When people hear that we chase tornadoes, we hear, “You’re crazy!”. While that may be true, the reasons people decide to take up storm chasing vary. But, underlying every storm chaser’s motivation, is a love for storms. But, what is it that we love about storms? If you are like most people who live outside tornado alley, all you usually see are squall lines and “garden variety” thunderstorms. While we love those too, it is the towering supercell that most chasers long for. We call it the “mothership”. Unless you have stood near one of these monsters, it’s difficult to comprehend the power of these storms. The warm inflow winds, the warm moist air being sucked up by the updraft (evident by rising scud that forms into a wall cloud), the overall spiraling structure of the storm, the possibility of a gorgeous stovepipe tornado. All of these things and more, are what makes storm chasing an unforgettable experience.
The Forecasting Challenge
One of this author’s favorite aspects of chasing is the challenge of forecasting. No, I’m no meteorologist. However, as a hobbyist, I have learned a thing or two from experience, friends, and actual meteorologists. I suppose you could say, the basics of forecasting. With guidance from the Storm Prediction Center forecasts, we pinpoint where we think the best area for storms will be. Then, we drive there and wait for initiation. Sometimes we get there just in time, sometimes we get there late. Furthermore, we also get it completely wrong and are way out of position. But generally speaking, it’s not all that difficult to see any given storm. What is difficult, is finding the few storms or single storm that will have the best chance of making a tornado. Chasing can be very rewarding or it can be very disheartening. Even if a tornado doesn’t touch down, a nicely structured supercell is a nice consolation prize.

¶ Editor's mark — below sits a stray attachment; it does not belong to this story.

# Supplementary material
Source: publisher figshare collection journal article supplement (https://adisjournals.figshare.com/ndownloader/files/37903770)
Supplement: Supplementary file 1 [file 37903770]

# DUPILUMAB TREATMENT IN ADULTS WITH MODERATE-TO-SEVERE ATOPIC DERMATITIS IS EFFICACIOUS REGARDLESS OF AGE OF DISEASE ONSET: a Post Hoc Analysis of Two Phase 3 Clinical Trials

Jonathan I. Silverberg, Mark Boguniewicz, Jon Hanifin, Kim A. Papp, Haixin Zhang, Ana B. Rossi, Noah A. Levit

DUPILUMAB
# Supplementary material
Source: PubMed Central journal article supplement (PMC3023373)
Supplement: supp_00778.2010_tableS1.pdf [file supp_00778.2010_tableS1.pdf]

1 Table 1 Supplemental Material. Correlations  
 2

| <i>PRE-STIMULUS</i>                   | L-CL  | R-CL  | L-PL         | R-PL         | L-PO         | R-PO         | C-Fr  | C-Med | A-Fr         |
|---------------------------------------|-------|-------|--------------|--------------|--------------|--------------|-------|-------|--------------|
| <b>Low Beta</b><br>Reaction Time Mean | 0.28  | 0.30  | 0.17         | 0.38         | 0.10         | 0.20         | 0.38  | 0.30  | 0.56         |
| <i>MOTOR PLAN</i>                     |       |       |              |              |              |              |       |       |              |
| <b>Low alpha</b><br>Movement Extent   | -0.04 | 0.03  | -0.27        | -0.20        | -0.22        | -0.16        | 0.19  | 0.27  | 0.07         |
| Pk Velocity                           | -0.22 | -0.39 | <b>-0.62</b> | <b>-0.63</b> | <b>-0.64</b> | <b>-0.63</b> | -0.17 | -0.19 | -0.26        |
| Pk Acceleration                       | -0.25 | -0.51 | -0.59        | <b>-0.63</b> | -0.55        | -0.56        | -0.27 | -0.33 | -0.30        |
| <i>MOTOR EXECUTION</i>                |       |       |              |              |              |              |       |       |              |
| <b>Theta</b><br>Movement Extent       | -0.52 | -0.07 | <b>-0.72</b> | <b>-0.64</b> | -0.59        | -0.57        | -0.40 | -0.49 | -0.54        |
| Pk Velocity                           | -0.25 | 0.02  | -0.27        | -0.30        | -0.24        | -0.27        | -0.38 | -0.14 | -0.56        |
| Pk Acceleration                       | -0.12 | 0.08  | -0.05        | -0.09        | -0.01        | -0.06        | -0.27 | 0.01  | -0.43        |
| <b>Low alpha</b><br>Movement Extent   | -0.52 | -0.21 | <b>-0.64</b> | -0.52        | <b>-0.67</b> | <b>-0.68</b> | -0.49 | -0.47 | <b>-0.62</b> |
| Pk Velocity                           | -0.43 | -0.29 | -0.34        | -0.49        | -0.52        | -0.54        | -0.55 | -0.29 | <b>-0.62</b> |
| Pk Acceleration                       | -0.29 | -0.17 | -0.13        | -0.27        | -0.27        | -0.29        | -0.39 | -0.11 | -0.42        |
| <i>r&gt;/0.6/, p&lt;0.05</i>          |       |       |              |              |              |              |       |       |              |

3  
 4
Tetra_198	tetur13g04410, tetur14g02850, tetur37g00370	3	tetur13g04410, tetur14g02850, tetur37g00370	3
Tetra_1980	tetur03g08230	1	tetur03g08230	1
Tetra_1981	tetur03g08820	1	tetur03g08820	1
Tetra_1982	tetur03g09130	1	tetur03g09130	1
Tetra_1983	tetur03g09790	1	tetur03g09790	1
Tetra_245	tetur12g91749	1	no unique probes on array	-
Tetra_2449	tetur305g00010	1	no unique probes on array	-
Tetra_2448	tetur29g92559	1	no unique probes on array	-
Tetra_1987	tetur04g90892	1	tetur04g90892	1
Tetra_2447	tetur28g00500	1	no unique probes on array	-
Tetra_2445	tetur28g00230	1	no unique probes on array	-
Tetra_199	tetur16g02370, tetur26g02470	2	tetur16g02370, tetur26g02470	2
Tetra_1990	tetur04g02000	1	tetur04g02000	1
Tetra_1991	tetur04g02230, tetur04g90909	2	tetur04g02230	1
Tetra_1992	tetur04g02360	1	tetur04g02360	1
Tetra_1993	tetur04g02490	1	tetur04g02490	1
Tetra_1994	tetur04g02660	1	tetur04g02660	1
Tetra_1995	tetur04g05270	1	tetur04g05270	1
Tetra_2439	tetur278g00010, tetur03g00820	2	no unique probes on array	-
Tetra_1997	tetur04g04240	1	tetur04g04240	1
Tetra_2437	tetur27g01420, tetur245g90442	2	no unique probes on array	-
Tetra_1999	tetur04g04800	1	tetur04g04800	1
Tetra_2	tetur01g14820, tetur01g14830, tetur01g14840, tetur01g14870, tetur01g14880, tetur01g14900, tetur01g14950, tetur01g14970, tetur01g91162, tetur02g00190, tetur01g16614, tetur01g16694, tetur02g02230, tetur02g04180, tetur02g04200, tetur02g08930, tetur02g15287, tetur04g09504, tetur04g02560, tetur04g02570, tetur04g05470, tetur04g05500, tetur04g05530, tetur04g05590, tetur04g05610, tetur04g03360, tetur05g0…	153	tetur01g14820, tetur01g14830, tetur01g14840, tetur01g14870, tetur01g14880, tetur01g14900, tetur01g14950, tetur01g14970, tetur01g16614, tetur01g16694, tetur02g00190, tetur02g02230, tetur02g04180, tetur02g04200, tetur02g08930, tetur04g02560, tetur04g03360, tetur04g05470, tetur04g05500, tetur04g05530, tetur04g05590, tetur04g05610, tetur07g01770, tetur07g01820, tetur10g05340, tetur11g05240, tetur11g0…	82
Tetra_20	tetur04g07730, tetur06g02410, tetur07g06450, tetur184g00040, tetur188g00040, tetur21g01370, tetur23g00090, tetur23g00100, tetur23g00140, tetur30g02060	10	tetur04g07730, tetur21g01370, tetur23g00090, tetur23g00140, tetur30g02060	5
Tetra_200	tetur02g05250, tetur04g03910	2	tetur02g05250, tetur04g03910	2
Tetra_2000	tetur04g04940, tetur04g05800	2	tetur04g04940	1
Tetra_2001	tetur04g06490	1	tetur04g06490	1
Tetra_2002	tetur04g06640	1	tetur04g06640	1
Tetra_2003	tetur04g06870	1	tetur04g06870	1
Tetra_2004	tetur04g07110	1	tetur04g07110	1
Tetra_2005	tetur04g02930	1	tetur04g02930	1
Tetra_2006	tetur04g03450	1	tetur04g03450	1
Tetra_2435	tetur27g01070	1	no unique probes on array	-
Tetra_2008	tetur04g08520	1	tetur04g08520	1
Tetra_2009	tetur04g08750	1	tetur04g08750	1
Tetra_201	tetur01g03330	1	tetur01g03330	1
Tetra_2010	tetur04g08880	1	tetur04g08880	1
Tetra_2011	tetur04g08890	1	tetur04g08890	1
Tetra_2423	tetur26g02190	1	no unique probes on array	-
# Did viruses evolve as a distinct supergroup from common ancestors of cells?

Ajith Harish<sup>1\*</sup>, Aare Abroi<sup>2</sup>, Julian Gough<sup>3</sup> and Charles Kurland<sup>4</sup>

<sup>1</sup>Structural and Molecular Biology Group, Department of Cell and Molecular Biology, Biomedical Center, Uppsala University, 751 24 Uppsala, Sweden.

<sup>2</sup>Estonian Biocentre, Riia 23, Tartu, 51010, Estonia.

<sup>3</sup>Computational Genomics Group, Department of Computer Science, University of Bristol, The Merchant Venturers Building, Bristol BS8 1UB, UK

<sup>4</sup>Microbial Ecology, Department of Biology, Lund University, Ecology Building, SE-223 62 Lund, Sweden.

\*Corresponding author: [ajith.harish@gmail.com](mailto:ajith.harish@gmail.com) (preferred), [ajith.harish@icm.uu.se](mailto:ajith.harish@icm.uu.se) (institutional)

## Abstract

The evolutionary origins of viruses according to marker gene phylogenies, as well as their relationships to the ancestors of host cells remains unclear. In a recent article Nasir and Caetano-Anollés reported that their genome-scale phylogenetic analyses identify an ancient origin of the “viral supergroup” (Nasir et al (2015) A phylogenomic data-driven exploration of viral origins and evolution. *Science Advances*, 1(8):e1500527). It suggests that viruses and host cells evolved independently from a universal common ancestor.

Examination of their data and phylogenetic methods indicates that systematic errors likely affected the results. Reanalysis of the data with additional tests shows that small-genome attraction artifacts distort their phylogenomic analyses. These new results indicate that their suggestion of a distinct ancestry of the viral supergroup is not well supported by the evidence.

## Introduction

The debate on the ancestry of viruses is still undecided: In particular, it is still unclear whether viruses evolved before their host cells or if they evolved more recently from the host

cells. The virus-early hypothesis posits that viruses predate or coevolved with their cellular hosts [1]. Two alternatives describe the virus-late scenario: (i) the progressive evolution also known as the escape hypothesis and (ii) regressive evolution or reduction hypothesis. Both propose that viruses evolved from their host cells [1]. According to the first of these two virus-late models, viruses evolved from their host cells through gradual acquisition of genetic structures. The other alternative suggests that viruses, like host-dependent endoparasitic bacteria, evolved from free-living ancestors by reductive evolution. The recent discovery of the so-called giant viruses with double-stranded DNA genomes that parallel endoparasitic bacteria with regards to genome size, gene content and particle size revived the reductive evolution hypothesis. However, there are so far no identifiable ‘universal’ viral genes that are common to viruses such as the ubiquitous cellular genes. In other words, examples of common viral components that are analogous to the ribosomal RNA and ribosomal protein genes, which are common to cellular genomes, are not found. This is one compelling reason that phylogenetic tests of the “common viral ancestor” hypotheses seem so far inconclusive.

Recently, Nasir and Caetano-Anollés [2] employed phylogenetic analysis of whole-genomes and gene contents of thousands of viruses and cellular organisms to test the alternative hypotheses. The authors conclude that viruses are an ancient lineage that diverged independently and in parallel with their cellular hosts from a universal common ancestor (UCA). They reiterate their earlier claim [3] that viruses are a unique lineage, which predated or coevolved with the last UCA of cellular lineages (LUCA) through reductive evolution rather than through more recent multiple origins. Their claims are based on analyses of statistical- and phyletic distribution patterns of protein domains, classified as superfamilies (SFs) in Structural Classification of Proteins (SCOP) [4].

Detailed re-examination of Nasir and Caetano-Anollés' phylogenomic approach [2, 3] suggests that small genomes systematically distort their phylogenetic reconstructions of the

There are downsides to chasing of course. It can be dangerous. One must be very aware of their
surroundings, especially when dealing with more than one storm at once. This happened earlier this year on 28 March 2017 when several supercells were in the process of merging into a QLCS or squall line. The rain was pouring and we were caught out of position heading North-Northeast from Anson, TX. We had been tracking storms all afternoon and they dropped a couple of nice looking tornadoes. Except, we missed them. We did see one off in the distance, but we were too far away and it quickly became involved in rain. We did catch a potential monster supercell however.
This brings me to the ups of storm chasing. The one of a kind visuals that each storm puts on display.
Every storm is different, and every storm is different from moment to moment. The two photos (left, above) show the same storm, only minutes apart. Lucky for the residents of Roby, this storm didn’t do much damage or produce any verified tornadoes. But it was gorgeous. And it was a lot of fun catching up to this storm and punching the core to get to a place where we could see it evolve. We literally drove right under the wall cloud before these photos were taken. Core punching is certainly not something I recommend for inexperienced chasers. Danger, in the form of a tornado, could be lurking on the other side of the rain and hail. But timed just right, and done with the utmost caution, and you can be rewarded. These visuals, the experiences with friends, the challenges, and the excitement all make storm chasing worth the time and effort put in. Crazy or not, I will never stop chasing.